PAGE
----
My talk has two goals. One is to introduce probabilistic programming to the programming-language audience. The other is to explain a few lessons that I learnt about probabilistic programming from my machine learning colleagues in Oxford. They have been developing a high-order call-by-value probabilistic programming language called Anglican, and through many discussions and close collaborations, they taught me why people in machine learning cared about probabilistic programming and pointed out new interesting research directions. These lessons had huge influence on how I think about probabilistic programming. I will try to explain the lessons through their influence on my ongoing projects, which aim at optimising probabilistic programs using techniques from programming languages and providing denotational semantics of high-order probabilistic programs. My talk will be based on joint work with Sam Staton, Jan-Willem van de Meent, Frank Wood (Oxford), Diane Gallois-Wong (ENS), Chris Heunen (Edinburgh), Ohad Kammar (Cambridge) and David Tolpin (Paypal).


Time and place:
3:00pm Meeting room 302 (Mountain View), level 3
IMDEA Software Institute, Campus de Montegancedo
28223-Pozuelo de Alarcón, Madrid, Spain


Goran Doychev

Tuesday, February 07, 2017

11:00am Meeting room 302 (Mountain View), level 3

Goran Doychev, Researcher, Independent Researcher

Rigorous Analysis of Software Countermeasures against Cache Attacks

Abstract:

CPU caches introduce variations into the execution time of programs that can be exploited by adversaries to recover private information about users or cryptographic keys. Establishing the security of countermeasures against this threat often requires intricate reasoning about the interactions of program code, memory layout, and hardware architecture and has so far only been done for restricted cases.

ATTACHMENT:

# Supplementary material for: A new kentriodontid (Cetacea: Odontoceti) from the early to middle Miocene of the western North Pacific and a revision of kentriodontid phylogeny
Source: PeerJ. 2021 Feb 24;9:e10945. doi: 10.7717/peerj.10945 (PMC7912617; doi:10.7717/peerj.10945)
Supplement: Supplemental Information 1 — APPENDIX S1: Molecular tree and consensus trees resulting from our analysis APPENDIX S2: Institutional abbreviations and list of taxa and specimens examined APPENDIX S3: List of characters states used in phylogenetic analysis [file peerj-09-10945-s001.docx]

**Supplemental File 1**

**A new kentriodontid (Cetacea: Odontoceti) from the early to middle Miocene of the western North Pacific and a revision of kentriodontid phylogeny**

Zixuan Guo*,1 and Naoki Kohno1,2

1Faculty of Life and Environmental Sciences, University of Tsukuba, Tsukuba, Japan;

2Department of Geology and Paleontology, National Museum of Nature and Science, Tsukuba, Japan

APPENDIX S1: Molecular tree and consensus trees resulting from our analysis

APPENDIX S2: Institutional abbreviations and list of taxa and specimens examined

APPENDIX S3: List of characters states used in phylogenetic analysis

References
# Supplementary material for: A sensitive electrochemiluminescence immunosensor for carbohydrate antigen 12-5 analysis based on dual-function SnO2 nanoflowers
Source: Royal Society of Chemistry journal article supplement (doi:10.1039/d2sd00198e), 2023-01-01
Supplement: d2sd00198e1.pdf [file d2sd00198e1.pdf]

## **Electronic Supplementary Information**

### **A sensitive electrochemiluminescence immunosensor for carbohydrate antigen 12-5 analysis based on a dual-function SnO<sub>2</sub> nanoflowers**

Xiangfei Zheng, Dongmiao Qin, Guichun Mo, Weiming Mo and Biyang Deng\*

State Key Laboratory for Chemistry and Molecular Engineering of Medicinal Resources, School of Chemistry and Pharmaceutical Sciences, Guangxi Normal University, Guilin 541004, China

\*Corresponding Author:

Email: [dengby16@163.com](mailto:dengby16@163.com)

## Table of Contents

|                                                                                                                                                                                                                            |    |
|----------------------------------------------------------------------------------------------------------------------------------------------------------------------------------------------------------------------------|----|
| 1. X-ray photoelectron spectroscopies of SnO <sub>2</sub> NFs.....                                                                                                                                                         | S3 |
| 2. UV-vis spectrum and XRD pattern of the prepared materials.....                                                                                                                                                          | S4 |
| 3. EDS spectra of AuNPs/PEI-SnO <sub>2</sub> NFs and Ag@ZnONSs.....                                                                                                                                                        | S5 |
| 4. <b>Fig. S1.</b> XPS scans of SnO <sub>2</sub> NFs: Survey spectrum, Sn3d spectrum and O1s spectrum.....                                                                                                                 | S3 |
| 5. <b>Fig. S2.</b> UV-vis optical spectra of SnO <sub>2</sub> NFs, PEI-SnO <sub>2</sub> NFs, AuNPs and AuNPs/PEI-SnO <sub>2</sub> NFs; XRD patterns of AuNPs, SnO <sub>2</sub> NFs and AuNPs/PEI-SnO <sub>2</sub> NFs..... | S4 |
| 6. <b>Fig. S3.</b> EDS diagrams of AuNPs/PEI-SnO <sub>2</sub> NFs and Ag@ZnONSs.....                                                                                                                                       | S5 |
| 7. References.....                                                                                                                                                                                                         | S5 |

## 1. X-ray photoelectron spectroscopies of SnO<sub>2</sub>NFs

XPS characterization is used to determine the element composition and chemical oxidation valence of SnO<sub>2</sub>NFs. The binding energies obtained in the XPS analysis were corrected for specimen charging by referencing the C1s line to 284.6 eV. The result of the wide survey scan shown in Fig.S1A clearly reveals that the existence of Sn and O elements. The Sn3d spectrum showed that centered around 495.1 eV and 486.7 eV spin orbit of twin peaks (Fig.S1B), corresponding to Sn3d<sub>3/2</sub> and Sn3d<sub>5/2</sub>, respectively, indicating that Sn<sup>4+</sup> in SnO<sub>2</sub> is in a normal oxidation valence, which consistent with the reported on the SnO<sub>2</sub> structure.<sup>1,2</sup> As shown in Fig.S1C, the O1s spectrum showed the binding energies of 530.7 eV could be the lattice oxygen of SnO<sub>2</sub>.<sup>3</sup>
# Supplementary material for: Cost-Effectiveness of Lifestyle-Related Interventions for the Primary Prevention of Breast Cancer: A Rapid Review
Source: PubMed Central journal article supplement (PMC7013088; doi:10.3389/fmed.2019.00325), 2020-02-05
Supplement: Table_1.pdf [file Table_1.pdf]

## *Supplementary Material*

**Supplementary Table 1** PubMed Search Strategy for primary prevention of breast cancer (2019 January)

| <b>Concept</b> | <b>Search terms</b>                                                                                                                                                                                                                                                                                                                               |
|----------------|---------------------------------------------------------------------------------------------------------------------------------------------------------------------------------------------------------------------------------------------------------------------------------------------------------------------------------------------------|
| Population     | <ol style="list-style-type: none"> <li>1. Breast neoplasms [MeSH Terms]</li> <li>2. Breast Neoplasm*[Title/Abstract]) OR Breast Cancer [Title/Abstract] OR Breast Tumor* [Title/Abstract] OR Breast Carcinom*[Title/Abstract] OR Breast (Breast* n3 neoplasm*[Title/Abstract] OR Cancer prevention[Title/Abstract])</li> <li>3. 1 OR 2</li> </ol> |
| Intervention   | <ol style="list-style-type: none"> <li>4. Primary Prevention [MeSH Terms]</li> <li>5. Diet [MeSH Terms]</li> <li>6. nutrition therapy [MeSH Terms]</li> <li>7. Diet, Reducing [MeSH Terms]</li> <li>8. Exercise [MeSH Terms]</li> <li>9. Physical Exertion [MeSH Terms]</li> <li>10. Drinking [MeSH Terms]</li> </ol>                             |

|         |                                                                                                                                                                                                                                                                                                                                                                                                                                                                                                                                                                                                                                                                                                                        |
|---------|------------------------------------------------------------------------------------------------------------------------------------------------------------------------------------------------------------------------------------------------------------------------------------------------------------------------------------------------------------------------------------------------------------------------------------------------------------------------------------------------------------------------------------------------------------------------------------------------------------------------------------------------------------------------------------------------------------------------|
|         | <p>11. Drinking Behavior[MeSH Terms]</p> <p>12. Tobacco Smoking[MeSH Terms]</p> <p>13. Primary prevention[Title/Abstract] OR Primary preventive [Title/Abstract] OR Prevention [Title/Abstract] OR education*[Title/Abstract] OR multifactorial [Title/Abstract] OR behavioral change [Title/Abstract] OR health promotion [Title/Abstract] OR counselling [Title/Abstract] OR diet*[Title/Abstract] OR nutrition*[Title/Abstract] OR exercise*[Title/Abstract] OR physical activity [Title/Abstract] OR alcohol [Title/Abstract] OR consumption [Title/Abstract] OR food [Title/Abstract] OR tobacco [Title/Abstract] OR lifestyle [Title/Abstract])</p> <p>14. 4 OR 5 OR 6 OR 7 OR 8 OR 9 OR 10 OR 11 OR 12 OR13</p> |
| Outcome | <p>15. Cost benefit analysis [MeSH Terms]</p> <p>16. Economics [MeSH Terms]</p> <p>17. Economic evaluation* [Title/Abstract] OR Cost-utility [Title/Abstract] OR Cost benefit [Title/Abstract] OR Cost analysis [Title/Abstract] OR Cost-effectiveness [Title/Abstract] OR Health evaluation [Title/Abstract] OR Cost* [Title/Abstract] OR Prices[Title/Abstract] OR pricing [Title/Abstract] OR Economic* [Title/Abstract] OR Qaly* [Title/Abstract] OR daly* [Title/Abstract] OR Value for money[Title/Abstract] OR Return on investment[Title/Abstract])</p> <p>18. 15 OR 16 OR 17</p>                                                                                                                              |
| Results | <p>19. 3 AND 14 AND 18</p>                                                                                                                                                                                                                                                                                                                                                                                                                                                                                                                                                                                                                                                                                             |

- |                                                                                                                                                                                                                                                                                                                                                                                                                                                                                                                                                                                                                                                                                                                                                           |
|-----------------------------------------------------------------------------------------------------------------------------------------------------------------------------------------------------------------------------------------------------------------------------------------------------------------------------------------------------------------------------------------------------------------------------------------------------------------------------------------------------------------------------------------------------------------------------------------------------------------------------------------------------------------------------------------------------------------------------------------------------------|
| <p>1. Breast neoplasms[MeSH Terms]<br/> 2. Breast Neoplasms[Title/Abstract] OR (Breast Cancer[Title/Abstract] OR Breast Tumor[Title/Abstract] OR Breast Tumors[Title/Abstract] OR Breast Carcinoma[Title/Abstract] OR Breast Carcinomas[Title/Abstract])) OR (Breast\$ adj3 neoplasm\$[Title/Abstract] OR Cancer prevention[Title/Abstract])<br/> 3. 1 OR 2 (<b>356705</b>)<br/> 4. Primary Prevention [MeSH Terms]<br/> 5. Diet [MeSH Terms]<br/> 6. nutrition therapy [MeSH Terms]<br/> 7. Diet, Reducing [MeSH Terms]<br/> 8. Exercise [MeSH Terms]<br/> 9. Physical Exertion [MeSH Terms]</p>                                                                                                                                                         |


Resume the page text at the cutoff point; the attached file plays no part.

In this talk, I will present novel techniques that provide support for bit-level and arithmetic reasoning about memory accesses in the presence of dynamic memory allocation. I will report on a case study which uses these techniques to perform the first rigorous analysis of widely deployed software countermeasures against cache attacks on modular exponentiation, based on executable code. The countermeasures are from different versions of libgcrypt and OpenSSL from the last 4 years, and our analysis measures their vulnerability to a hierarchy of attacks.


Time and place:
11:00am Meeting room 302 (Mountain View), level 3
IMDEA Software Institute, Campus de Montegancedo
28223-Pozuelo de Alarcón, Madrid, Spain


Miguel Á. Carreira-Perpiñán

Wednesday, January 11, 2017

11:00am Meeting room 302 (Mountain View), level 3

Miguel Á. Carreira-Perpiñán, Professor, University of California at Merced, USA

Learning binary hash functions for information retrieval applications

Abstract:

Searching for the most similar images to a query image in a large database is a high-dimensional nearest-neighbour problem that must be approximated in practice in order to make the search fast. A standard approach, binary hashing, consists of mapping each image to a short bit string and searching in this binary space instead. A good mapping should be such that Hamming distances in the binary space approximate well the original image similarities. This mapping, the binary hash function, is learned from a training set of image similarities. We discuss two ways to learn the binary hash function. The first, more traditional one, defines a suitable objective function and optimises it over the hash function. This is a nonconvex nonsmooth problem, typically NP-complete. We show how this can be conveniently optimised using the method of auxiliary coordinates. The resulting algorithm finds better solutions than relaxation or other approximate algorithms, introduces parallelism and allows the user to learn a different type of hash function easily (say, a linear function vs a deep neural net). The second way replaces much of the optimisation mechanism with a diversity mechanism, using techniques from ensemble learning. We learn each output bit of the hash function independently from the others, each on a different training set. Surprisingly, this is not only much simpler, faster and scalable, but it also works better in terms of information retrieval measures such as precision/recall. This is joint work with my student Ramin Raziperchikolaei.


Time and place:
11:00am Meeting room 302 (Mountain View), level 3
IMDEA Software Institute, Campus de Montegancedo
28223-Pozuelo de Alarcón, Madrid, Spain


Invited Talks - 2016